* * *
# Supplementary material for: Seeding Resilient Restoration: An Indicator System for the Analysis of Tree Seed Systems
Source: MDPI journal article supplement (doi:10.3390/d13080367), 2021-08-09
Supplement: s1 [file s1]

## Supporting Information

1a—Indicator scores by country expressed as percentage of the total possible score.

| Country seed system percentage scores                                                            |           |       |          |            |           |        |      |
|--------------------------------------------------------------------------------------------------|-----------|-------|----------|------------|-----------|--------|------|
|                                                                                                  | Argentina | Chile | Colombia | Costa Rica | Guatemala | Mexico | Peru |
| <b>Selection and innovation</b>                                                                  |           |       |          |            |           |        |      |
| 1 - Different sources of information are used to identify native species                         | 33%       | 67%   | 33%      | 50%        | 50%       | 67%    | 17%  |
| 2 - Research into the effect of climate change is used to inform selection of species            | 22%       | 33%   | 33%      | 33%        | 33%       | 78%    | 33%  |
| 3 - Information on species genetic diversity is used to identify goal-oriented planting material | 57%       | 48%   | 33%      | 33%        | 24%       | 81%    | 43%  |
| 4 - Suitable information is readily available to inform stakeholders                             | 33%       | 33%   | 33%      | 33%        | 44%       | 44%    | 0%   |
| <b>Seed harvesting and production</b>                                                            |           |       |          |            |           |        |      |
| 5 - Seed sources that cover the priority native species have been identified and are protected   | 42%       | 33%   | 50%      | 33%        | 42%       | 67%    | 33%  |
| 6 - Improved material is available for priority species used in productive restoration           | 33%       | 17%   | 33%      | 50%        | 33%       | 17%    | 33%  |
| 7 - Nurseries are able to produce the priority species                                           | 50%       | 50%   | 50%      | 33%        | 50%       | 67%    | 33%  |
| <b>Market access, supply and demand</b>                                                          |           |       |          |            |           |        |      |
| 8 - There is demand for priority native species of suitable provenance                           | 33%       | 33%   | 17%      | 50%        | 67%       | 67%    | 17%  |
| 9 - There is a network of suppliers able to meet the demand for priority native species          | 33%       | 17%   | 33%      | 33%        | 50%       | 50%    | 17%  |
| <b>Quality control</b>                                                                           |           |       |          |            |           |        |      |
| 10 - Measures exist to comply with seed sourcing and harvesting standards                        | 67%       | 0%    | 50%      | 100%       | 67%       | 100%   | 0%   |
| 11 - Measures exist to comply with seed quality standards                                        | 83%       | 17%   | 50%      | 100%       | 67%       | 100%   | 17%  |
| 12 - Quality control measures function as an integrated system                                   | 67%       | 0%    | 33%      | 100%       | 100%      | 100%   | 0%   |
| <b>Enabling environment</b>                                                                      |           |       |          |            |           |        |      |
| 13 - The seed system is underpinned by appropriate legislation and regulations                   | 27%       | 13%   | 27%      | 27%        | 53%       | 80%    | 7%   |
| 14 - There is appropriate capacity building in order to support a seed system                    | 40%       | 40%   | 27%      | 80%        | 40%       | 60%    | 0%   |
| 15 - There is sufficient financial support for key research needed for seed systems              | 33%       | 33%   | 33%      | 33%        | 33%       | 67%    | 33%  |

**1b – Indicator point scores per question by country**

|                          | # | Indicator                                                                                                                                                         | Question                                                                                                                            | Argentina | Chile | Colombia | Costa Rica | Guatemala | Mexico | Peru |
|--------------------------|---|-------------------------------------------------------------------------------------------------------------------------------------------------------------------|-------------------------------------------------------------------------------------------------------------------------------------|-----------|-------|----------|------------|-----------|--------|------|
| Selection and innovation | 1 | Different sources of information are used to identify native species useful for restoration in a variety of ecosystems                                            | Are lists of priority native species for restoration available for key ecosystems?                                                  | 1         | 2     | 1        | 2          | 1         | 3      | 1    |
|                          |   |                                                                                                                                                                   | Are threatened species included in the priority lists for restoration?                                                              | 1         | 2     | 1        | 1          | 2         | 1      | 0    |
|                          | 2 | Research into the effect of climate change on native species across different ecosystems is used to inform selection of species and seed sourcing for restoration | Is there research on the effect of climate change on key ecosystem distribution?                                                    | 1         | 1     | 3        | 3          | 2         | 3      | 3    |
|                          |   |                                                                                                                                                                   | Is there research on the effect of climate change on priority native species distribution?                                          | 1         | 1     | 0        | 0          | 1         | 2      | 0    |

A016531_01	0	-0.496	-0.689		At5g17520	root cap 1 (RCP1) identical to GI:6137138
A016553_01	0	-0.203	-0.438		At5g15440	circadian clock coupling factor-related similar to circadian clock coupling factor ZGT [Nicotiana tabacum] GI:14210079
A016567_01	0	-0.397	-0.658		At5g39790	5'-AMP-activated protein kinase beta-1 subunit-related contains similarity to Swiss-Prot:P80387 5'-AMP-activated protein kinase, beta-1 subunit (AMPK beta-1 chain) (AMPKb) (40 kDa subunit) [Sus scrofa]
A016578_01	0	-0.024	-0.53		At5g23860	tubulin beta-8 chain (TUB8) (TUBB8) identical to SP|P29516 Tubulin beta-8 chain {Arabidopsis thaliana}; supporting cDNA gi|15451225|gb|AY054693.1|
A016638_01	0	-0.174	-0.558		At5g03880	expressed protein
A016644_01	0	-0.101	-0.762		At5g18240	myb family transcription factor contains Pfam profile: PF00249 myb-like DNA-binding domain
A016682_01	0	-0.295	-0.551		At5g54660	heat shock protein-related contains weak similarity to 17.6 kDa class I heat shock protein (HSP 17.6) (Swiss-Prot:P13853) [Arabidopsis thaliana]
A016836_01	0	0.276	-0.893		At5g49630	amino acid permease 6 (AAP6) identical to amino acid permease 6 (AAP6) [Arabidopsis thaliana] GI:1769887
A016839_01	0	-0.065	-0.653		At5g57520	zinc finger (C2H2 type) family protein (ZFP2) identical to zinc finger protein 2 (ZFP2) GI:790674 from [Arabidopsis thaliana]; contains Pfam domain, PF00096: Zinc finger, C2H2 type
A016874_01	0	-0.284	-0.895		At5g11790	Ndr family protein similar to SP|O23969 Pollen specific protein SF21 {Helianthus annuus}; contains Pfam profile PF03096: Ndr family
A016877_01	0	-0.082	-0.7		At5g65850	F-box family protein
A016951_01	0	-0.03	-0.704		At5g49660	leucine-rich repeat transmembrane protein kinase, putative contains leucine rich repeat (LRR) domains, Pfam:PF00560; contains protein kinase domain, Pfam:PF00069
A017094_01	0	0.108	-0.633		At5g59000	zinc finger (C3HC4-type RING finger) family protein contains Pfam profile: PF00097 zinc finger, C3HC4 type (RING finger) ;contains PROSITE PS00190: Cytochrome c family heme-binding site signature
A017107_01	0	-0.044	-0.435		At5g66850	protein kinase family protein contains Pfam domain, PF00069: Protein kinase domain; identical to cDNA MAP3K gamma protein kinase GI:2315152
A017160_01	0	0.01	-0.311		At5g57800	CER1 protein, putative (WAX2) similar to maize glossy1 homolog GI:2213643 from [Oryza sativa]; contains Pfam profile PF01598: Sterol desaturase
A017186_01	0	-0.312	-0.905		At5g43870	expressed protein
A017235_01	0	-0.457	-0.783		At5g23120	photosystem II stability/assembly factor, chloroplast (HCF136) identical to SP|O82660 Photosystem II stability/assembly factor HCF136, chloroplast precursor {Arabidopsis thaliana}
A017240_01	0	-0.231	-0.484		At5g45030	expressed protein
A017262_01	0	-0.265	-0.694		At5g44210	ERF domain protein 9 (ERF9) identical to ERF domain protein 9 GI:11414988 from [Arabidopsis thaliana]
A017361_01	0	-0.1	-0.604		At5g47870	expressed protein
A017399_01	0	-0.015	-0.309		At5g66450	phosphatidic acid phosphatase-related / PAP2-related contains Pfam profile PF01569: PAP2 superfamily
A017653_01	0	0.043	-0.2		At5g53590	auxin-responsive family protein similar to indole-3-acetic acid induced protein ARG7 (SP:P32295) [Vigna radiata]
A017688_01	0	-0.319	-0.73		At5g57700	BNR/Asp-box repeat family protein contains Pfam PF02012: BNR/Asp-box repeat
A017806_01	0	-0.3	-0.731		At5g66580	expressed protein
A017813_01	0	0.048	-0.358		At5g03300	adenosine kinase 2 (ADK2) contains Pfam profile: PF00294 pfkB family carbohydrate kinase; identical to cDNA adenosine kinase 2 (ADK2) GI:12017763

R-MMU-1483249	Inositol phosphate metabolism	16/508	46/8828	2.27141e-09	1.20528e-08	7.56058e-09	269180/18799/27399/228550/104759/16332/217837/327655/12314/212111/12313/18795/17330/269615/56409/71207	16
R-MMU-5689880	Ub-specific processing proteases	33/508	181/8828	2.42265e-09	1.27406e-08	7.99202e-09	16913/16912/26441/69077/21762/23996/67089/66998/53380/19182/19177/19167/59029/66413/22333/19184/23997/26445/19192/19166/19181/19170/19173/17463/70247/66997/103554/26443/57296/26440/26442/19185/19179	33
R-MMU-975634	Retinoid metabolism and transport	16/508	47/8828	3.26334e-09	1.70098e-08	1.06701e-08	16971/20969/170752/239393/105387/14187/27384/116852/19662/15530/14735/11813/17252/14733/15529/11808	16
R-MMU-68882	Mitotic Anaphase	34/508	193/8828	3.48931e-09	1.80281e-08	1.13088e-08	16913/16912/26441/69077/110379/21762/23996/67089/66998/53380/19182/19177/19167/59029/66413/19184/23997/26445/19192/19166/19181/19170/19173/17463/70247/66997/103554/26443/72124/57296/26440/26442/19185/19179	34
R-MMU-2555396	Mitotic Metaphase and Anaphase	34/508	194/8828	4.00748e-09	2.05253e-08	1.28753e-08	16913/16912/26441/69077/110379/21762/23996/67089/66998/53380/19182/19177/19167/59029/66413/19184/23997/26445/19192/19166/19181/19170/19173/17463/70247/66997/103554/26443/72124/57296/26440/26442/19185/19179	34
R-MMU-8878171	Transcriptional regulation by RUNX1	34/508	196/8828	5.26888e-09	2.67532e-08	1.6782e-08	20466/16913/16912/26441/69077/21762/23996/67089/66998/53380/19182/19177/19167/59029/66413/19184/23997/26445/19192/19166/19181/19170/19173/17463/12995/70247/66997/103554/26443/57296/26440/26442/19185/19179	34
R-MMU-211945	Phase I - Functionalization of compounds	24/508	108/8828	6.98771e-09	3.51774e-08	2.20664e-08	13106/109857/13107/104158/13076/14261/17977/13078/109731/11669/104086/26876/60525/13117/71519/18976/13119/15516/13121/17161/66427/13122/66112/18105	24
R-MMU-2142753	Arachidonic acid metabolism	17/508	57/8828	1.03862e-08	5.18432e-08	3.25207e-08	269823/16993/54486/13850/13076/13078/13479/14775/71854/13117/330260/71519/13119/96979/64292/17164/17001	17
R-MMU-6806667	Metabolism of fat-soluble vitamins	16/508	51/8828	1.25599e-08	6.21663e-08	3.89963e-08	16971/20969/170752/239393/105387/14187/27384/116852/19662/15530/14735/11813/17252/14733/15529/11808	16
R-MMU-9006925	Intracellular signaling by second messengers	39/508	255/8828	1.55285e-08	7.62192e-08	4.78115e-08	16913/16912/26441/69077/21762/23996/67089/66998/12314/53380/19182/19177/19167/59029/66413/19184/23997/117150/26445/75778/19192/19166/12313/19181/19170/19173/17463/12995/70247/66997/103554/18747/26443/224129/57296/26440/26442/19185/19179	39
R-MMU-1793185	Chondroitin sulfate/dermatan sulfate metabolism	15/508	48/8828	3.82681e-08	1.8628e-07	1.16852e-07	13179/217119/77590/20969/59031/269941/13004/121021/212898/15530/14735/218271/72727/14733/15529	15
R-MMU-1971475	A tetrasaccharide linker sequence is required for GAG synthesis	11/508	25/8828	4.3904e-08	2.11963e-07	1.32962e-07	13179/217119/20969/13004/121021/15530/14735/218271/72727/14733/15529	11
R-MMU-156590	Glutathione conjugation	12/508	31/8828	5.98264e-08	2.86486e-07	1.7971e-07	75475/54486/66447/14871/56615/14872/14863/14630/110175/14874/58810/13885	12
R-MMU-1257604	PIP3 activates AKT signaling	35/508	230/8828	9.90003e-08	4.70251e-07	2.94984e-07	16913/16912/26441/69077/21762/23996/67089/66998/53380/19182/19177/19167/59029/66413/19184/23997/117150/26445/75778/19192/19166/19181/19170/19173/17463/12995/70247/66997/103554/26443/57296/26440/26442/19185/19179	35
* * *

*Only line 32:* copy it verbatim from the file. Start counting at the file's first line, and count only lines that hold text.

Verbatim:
| Selection and innovation | 1 | Different sources of information are used to identify native species useful for restoration in a variety of ecosystems                                            | Are lists of priority native species for restoration available for key ecosystems?                                                  | 1         | 2     | 1        | 2          | 1         | 3      | 1    |